Skylights are a great way to allow natural daylight into buildings. As anyone who has spent any time beneath an unshaded skylight can attest, however, the amount of solar radiation that comes through horizontal and inclined glazing is much greater than from vertical facades, and can cause significant heat gain issues.

There are several ways to retain the usefulness of a skylight, while mitigating the tendency of such openings to turn into what feels like a heat ray. Here are four solutions Draper recommends:

Skylight shades
Natural light makes workers more productive and can help reduce electrical costs, but control of solar heat gain promotes a more comfortable work environment, protecting staff and furnishings. Motorized retractable shades allow you to get the most out of a skylight, while providing heat and glare protection when necessary. They can be deployed when required and retracted when there is no sun on the glazing. Click here to see Draper’s skylight shading solutions.

Unlike retractable shades, louvers remain in place at all times. They can be mounted outside the window, stopping sunlight before it hits the glazing for a more efficient solution. Rotating the louvers, also called slats, open and closed in fine increments provides precise light control in venues such as galleries or museums. Louver systems can be installed on any type of glazing—horizontal, vertical, or inclined. They can also address almost any shape of glazing, including rectangular, circular, and trapezoidal openings. Click here to learn more about Draper’s FlexLouver Rack Arm system.

Draper Topspin.

Designed for interior or exterior use, TopSpin® is made up of a series of retractable fabric panels to prove a retractable solution over large expanses of glazing. When used as a sun shade, TopSpin® allows a view-through to the outside, while providing controlled interior lighting to ensure a more comfortable environment. Click here to learn more.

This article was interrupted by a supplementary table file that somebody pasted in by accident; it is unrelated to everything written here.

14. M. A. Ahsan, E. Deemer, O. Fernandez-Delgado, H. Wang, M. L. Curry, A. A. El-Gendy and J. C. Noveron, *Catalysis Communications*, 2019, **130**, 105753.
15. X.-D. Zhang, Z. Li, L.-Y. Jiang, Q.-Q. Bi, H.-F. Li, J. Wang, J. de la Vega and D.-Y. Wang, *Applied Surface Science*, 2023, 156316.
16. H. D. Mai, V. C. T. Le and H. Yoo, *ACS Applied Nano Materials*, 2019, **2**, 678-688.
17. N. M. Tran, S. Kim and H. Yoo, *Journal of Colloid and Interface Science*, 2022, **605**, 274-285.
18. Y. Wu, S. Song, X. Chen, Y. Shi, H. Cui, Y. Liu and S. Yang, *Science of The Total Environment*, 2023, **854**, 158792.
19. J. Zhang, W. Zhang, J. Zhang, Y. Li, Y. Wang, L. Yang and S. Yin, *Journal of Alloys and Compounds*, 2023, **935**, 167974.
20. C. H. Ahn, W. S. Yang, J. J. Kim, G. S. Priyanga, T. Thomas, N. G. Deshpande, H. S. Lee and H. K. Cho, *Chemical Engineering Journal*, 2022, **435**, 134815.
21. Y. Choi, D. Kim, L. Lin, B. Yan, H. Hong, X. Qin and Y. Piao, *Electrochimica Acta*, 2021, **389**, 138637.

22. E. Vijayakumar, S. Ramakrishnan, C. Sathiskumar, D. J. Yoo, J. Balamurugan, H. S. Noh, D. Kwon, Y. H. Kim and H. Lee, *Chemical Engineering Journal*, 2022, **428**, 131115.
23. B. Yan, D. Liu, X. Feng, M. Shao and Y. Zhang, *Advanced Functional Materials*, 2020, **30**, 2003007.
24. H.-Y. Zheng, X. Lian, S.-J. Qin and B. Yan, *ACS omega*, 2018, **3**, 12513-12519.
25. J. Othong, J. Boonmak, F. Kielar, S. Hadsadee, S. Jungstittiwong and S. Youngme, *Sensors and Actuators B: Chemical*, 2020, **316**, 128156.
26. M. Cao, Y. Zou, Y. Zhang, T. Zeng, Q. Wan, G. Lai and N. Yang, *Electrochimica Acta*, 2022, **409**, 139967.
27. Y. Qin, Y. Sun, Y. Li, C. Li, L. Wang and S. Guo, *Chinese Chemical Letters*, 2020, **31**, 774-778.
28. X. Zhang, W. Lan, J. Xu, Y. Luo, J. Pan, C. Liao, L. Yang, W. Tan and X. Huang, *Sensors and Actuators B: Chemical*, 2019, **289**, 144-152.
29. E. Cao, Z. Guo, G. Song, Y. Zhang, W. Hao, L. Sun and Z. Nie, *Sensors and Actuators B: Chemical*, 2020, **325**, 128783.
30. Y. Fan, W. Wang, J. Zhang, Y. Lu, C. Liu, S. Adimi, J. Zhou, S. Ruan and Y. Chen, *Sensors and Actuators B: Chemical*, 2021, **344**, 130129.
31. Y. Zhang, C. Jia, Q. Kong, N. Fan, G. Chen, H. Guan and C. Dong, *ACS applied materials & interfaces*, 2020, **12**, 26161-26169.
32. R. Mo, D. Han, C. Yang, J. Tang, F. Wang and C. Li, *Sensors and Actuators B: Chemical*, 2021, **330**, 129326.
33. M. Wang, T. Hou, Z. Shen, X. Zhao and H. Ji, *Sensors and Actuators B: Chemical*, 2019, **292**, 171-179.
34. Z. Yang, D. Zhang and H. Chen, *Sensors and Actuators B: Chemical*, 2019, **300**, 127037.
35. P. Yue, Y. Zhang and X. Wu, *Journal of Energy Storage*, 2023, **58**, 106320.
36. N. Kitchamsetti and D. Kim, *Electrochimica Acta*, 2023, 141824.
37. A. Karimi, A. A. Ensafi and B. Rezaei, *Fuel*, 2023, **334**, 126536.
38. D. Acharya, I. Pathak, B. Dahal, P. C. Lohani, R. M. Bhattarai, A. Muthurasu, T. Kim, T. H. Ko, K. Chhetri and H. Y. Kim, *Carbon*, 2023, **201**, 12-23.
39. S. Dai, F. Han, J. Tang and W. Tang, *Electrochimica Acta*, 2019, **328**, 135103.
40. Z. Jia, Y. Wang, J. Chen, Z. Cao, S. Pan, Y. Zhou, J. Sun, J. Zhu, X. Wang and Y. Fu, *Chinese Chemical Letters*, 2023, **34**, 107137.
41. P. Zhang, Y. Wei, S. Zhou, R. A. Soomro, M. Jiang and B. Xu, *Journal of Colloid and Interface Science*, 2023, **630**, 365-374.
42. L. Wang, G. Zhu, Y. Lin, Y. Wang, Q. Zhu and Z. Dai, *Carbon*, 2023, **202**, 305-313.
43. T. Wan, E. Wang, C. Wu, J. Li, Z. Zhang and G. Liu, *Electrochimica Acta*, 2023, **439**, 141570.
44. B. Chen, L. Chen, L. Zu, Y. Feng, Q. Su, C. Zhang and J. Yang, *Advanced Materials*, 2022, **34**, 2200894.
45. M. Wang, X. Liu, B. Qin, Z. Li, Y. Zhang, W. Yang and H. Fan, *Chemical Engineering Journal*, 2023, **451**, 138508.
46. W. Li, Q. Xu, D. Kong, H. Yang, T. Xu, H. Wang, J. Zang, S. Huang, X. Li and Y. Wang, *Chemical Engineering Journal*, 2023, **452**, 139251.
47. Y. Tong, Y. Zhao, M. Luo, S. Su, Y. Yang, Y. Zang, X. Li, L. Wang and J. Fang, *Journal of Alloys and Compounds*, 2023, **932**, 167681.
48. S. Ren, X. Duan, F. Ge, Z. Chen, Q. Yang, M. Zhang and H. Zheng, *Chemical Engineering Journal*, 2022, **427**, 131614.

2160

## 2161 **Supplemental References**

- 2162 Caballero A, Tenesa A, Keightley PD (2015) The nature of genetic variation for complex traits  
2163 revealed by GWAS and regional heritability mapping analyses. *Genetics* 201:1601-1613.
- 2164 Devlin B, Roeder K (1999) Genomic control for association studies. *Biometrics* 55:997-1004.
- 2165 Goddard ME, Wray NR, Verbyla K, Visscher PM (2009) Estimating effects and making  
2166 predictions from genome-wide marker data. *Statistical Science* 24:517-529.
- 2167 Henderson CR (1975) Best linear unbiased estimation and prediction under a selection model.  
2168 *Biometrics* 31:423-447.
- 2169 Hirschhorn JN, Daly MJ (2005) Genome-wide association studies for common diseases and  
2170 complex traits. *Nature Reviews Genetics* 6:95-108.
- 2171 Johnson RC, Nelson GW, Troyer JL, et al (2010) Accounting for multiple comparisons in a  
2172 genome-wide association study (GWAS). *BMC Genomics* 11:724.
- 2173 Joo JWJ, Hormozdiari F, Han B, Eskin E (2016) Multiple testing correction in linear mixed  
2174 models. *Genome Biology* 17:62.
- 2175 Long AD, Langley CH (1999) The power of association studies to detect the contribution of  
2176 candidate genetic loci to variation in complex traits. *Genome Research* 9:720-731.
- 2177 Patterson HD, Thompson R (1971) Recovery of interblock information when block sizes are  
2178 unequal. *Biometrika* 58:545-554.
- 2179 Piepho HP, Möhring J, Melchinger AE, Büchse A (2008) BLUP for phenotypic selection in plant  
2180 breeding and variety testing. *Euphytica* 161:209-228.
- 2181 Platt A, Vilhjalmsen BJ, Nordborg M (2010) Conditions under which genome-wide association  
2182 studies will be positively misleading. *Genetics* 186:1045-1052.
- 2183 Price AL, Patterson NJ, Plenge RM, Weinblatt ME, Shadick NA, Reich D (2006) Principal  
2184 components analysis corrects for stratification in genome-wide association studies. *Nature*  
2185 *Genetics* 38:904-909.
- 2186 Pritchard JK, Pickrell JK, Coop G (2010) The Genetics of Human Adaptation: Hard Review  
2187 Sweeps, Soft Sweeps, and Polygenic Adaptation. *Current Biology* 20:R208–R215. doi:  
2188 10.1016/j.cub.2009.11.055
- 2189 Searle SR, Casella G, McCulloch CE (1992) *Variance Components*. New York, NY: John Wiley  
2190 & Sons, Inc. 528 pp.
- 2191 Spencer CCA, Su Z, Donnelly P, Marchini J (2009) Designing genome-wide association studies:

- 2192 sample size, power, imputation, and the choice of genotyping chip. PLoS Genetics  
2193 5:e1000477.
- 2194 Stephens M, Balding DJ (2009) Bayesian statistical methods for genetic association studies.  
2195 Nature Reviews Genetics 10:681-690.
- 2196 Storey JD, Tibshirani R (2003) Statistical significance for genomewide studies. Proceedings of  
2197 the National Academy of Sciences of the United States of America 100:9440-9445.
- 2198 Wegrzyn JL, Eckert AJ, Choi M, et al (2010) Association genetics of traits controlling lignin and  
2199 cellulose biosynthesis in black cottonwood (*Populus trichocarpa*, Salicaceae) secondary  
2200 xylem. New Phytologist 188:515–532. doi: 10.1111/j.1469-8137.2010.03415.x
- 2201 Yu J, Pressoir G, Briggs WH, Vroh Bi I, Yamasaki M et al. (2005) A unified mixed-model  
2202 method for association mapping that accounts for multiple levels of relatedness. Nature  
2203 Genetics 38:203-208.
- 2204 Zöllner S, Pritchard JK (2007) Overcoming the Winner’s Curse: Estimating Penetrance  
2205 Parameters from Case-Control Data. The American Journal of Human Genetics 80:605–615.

Decorative fabric elements
Solar control in large interior public spaces may require a less responsive solution, but comfort is still important. Decorative fabric elements provide glare control, while also contributing to the aesthetic appeal of the space. These can take the form of fixed elements, such as tensioned fabric panels called kites, or motorized sail shades. Sail shades are similar to standard motorized roller shades, but use counterweights to provide tension. With sail shades, a sculptural effect can be achieved with the amount of curvature of each panel being dependent on the size of the counterweight.

Many different approaches can be taken to shading a skylight. Some of the options blend in with the building architecture, whereas others can have a significant visual impact and become an important element of the building’s design. In all cases, properly designed skylight shading systems can make an important contribution to building performance, controlling both heat gain and natural daylight.

For more information, click here to download a free white paper on skylight shading.

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